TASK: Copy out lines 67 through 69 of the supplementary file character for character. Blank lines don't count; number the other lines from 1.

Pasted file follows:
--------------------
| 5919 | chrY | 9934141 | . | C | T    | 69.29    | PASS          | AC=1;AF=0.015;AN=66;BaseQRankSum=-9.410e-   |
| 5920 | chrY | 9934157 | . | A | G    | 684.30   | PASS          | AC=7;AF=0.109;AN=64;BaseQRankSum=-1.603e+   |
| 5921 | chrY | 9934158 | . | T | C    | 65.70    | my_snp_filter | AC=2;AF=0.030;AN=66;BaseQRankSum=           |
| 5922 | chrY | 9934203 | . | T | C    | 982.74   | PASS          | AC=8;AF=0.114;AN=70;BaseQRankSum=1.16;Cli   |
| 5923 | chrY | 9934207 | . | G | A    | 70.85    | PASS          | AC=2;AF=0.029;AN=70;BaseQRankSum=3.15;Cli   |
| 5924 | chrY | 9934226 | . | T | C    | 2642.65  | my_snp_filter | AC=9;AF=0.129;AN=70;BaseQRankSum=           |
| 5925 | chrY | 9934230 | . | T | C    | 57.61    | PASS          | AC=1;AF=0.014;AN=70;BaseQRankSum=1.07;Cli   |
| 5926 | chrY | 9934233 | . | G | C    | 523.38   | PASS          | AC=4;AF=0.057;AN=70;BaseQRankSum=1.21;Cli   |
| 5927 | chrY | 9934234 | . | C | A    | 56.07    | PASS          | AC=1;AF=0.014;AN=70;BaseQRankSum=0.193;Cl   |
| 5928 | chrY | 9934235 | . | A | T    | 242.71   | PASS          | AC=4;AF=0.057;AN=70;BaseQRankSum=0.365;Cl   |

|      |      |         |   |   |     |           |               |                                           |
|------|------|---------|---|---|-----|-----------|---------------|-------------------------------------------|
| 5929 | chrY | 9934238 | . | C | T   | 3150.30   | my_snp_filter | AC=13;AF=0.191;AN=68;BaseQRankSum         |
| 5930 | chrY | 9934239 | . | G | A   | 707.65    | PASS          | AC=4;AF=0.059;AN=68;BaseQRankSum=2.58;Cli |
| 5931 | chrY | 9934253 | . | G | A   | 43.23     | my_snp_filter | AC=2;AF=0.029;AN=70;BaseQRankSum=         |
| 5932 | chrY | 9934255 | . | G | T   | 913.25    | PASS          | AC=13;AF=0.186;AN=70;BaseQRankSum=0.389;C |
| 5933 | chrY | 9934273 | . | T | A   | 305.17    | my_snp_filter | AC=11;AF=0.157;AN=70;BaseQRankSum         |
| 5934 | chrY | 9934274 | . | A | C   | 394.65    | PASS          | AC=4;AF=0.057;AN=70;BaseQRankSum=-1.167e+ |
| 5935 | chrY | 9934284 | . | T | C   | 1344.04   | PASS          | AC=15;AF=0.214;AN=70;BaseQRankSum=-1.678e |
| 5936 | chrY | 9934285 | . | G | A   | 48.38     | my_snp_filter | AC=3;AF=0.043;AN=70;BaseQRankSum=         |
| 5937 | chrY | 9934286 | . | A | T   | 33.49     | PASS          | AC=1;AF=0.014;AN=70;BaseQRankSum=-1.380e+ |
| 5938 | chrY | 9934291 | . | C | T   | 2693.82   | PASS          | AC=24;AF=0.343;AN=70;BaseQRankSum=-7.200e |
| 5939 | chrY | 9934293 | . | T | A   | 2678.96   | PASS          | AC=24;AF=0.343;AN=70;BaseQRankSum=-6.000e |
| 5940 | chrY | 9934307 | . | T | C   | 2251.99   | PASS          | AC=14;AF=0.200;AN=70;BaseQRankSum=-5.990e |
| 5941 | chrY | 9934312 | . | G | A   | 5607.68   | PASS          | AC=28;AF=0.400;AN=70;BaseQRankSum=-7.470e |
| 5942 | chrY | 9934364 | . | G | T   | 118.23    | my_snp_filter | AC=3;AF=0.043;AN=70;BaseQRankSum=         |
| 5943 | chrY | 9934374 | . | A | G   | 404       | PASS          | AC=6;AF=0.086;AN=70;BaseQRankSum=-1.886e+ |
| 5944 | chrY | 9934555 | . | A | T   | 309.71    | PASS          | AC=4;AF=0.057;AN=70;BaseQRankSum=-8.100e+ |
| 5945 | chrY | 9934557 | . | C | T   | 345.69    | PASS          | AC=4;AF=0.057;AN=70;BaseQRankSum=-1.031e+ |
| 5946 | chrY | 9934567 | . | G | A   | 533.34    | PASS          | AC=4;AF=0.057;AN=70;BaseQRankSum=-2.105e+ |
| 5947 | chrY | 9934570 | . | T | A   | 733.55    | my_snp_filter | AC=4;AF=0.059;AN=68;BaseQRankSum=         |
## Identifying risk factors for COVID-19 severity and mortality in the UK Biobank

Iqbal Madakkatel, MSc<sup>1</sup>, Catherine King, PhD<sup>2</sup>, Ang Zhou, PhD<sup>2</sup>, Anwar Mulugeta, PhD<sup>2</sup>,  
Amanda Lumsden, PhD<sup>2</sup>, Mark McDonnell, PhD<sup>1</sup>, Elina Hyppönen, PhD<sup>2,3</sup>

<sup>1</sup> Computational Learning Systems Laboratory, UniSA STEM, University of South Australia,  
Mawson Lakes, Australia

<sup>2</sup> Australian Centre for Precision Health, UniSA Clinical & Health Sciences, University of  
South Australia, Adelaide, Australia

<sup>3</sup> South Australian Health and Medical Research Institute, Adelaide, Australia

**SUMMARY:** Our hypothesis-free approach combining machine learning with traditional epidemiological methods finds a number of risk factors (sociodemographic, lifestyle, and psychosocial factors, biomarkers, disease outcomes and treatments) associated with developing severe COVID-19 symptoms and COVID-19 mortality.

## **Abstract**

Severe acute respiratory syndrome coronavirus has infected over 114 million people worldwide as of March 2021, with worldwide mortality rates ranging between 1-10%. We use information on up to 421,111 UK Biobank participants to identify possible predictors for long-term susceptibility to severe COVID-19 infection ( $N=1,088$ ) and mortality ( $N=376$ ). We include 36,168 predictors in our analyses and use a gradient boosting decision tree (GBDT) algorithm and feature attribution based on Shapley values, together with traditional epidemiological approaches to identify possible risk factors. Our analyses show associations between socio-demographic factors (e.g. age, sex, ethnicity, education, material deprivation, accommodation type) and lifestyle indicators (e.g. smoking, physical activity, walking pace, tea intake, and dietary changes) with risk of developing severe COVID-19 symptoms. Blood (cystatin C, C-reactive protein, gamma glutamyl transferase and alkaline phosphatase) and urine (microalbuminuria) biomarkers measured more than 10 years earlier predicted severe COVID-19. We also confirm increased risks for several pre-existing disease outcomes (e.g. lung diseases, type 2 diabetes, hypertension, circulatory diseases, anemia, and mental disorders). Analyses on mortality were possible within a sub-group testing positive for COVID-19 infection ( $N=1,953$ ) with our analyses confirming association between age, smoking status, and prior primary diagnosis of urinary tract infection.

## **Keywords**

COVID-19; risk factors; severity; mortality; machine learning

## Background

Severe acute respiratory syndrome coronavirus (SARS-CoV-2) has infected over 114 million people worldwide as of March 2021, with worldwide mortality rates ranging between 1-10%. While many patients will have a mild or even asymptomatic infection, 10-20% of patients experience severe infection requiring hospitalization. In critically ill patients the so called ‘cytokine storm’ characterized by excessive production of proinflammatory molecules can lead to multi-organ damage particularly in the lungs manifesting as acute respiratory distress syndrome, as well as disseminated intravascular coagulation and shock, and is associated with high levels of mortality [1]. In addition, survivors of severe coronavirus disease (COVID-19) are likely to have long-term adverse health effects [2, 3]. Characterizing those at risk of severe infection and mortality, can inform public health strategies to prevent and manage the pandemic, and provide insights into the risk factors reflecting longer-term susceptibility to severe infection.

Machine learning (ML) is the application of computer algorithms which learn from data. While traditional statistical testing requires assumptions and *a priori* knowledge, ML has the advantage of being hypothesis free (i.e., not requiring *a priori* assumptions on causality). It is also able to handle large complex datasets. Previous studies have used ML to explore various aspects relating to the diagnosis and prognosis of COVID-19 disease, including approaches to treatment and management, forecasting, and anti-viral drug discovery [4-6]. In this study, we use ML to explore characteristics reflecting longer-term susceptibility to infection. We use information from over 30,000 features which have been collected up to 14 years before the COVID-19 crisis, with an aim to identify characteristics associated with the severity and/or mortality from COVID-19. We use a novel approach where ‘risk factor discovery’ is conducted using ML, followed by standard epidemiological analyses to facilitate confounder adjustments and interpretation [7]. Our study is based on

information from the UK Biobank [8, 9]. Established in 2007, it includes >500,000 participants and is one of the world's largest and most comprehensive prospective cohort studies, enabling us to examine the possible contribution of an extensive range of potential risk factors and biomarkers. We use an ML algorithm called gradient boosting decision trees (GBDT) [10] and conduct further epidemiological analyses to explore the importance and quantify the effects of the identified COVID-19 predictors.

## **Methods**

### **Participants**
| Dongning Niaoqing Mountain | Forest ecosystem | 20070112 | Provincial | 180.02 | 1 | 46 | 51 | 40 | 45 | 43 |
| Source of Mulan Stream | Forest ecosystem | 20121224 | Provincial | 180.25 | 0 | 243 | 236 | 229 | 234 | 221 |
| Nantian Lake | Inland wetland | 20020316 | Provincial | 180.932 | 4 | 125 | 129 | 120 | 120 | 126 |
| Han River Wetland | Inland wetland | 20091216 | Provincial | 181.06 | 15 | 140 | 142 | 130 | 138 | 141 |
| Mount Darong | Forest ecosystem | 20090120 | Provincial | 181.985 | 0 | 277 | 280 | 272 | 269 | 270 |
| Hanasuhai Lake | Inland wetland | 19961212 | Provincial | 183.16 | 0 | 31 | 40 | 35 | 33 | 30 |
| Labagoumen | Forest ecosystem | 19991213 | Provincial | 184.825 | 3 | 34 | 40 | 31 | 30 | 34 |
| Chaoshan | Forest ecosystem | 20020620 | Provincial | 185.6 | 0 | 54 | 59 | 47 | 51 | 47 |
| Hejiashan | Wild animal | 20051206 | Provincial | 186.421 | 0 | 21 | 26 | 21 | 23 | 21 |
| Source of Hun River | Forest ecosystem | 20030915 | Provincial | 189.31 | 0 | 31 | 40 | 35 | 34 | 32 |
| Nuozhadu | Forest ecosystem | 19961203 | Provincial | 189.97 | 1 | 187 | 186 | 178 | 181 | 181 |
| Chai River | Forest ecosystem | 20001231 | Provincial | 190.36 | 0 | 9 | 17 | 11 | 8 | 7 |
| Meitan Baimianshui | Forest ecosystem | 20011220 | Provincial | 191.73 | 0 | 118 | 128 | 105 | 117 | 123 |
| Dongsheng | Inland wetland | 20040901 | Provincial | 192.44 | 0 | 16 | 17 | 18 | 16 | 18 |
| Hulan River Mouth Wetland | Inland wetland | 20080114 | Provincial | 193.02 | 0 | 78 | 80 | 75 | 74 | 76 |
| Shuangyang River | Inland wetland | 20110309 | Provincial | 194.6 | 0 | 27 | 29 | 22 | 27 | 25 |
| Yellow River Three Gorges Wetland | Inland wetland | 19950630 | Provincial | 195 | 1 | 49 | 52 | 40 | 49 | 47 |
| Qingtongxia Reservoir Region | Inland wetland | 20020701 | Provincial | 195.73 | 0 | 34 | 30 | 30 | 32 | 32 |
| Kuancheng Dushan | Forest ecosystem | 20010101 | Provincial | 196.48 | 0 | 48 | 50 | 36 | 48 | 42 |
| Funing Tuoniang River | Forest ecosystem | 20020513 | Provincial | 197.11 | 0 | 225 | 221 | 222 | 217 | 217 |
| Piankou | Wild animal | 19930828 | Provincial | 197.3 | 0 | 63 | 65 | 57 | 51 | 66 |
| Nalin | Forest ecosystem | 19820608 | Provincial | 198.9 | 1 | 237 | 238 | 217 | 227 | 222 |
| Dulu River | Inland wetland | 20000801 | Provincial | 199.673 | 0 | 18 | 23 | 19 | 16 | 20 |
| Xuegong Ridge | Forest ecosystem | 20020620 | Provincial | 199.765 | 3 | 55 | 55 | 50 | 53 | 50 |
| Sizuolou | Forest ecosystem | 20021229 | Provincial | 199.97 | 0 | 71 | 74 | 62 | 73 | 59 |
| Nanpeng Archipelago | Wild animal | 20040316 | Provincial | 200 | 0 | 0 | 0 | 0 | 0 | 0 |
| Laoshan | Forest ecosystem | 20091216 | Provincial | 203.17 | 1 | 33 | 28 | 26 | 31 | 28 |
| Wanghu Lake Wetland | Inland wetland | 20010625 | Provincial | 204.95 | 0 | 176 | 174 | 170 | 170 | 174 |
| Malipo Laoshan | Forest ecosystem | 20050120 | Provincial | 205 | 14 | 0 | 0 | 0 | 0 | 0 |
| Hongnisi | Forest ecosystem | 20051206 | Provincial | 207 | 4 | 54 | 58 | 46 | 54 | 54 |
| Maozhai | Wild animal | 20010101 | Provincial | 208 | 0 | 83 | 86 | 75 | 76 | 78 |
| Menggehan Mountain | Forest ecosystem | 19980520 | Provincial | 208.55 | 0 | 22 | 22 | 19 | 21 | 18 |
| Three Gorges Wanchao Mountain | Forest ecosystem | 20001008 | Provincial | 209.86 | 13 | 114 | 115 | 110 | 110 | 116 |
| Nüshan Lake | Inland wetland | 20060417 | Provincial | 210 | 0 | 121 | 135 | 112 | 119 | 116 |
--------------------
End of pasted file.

| Yellow River Three Gorges Wetland | Inland wetland | 19950630 | Provincial | 195 | 1 | 49 | 52 | 40 | 49 | 47 |
| Qingtongxia Reservoir Region | Inland wetland | 20020701 | Provincial | 195.73 | 0 | 34 | 30 | 30 | 32 | 32 |
| Kuancheng Dushan | Forest ecosystem | 20010101 | Provincial | 196.48 | 0 | 48 | 50 | 36 | 48 | 42 |